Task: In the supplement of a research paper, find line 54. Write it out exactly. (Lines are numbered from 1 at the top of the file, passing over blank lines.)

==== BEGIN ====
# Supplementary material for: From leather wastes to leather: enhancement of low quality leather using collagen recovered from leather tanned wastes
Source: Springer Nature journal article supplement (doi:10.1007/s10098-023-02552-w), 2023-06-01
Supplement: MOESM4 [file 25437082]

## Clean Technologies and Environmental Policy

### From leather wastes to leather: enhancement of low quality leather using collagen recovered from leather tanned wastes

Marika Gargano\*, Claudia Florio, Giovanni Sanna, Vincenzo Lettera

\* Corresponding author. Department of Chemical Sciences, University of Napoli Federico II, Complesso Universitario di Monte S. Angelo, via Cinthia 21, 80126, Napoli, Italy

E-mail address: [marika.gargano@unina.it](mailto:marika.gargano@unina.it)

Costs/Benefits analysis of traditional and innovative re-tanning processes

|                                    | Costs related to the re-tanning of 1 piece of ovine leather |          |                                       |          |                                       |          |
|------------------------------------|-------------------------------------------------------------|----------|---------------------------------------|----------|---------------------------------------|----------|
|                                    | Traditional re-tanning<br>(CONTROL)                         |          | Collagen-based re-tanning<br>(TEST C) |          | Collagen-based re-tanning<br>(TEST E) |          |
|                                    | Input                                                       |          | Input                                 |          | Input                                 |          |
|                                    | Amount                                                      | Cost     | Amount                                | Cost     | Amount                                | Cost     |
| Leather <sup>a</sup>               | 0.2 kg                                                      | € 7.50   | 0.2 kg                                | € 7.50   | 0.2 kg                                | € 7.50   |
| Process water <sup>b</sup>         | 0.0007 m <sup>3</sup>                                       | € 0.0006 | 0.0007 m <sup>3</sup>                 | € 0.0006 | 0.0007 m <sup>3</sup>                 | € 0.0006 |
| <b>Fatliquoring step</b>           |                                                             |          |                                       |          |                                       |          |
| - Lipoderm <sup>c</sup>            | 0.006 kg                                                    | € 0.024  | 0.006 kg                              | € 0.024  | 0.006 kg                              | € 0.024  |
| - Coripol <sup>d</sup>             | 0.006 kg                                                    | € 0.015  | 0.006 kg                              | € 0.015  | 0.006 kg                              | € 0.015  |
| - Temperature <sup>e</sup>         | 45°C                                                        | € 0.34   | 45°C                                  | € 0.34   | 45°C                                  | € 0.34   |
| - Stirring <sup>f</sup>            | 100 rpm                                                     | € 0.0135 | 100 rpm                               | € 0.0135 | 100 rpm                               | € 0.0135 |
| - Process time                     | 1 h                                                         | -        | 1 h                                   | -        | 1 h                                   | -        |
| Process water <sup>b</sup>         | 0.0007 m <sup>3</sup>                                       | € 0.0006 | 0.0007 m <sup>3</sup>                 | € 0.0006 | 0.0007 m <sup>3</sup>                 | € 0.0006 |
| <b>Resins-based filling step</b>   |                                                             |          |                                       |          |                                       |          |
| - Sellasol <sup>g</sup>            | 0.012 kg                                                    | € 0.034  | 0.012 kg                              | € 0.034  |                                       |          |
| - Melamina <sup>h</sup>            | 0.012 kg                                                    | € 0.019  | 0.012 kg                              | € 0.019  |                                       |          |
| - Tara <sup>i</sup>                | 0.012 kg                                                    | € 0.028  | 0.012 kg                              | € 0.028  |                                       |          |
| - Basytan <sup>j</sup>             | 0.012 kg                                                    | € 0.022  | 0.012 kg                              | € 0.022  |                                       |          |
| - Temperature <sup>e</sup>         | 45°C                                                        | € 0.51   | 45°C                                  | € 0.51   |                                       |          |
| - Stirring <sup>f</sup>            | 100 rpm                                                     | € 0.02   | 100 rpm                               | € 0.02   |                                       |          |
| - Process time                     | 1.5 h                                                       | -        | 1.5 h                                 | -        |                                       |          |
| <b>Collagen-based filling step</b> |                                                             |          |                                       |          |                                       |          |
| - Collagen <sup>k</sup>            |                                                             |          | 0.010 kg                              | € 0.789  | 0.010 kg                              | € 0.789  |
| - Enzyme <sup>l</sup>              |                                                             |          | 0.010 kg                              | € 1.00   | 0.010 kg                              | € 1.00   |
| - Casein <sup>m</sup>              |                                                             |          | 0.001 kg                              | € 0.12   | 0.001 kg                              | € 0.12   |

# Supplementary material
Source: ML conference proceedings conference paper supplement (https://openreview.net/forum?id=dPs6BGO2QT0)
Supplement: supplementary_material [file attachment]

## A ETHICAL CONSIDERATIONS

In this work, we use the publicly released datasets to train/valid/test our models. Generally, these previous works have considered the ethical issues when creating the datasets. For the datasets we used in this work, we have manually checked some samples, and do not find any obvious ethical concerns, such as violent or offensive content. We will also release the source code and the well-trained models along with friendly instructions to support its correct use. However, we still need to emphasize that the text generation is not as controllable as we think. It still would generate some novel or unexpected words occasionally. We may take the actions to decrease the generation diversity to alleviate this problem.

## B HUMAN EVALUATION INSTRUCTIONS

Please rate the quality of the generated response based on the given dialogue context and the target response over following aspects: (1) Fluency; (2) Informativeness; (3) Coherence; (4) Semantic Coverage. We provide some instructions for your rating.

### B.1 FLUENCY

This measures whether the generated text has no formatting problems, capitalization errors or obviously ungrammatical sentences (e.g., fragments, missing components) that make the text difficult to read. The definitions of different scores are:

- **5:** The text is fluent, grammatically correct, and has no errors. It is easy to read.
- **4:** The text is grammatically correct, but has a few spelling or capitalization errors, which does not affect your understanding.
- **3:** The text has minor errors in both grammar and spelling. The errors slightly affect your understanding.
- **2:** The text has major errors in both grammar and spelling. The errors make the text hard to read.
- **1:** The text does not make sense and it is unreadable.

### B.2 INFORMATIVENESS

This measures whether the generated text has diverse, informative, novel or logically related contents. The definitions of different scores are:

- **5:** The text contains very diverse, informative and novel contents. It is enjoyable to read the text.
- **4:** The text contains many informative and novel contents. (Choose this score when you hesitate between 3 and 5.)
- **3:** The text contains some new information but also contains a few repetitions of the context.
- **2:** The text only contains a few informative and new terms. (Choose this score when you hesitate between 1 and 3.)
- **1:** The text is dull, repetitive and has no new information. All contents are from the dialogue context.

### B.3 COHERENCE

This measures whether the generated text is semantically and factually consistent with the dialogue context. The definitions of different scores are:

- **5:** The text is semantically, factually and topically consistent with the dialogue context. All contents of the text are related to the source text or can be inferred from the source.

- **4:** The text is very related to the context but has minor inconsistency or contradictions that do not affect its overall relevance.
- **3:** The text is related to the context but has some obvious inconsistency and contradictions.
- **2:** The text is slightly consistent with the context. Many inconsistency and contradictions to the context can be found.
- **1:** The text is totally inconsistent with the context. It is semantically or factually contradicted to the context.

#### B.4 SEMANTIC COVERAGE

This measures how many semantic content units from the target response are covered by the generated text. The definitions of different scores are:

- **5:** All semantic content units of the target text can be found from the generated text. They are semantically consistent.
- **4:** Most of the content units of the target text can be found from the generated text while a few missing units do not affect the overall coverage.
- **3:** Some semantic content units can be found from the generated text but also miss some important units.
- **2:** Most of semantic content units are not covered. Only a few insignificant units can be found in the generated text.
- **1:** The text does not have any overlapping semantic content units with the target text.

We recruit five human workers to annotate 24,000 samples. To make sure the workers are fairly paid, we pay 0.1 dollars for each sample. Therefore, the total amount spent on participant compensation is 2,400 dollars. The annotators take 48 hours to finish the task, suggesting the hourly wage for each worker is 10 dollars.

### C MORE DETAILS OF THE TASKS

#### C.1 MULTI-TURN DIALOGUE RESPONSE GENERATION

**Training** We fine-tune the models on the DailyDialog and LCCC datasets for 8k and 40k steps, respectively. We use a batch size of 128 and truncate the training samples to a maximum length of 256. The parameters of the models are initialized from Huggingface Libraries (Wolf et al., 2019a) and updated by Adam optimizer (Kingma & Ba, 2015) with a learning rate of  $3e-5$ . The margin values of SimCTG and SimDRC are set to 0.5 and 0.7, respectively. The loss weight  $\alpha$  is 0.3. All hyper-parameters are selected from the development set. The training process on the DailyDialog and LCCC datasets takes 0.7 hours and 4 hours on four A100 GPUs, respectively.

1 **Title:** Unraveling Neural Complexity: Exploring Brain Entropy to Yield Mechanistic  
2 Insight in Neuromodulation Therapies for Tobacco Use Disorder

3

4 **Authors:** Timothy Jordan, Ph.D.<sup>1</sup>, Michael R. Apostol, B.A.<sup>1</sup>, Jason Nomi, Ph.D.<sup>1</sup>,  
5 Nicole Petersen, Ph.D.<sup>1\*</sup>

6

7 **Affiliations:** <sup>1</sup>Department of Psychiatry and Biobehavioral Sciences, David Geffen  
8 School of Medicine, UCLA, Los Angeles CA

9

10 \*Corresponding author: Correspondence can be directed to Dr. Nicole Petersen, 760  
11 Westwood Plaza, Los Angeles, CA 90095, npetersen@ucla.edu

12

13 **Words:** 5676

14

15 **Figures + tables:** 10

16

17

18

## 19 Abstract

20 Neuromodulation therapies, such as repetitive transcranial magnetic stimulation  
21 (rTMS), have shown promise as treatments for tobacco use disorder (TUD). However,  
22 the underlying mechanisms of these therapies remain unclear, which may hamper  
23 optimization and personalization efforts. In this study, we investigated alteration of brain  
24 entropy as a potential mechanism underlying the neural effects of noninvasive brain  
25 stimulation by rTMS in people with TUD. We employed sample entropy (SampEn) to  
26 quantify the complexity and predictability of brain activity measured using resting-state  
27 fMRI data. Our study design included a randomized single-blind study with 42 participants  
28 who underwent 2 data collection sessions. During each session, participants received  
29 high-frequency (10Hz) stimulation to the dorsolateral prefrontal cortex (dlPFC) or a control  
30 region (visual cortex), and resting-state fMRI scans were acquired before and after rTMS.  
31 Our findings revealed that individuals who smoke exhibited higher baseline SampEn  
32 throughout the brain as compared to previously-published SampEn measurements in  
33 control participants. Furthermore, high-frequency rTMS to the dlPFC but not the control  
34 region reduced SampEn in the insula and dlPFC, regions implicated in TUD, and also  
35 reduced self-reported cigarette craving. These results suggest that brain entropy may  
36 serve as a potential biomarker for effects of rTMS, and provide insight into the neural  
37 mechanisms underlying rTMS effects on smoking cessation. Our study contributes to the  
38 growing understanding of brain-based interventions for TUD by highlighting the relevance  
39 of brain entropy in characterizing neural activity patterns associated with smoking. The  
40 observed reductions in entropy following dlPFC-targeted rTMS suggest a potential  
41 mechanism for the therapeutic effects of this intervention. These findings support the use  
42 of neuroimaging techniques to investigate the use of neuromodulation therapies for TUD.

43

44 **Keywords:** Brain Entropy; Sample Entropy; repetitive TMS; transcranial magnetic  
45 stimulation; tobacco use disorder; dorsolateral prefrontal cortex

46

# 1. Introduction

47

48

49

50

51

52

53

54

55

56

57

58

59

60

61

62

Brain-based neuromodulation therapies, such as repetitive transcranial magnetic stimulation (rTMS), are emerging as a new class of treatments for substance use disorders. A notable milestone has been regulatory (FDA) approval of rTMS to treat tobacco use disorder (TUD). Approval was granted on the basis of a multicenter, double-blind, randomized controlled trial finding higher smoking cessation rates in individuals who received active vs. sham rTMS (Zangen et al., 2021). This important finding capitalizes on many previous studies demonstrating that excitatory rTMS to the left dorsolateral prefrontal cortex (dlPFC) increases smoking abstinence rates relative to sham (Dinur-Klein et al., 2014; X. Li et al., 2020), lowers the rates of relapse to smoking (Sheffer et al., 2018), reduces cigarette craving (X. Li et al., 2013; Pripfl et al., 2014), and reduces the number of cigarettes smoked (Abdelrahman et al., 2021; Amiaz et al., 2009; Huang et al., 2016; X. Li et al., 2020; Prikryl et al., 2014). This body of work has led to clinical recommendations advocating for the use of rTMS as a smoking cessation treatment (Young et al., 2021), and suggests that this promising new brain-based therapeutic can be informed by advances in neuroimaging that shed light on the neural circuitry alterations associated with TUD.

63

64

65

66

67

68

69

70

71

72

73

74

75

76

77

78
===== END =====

- **3:** The text contains some new information but also contains a few repetitions of the context.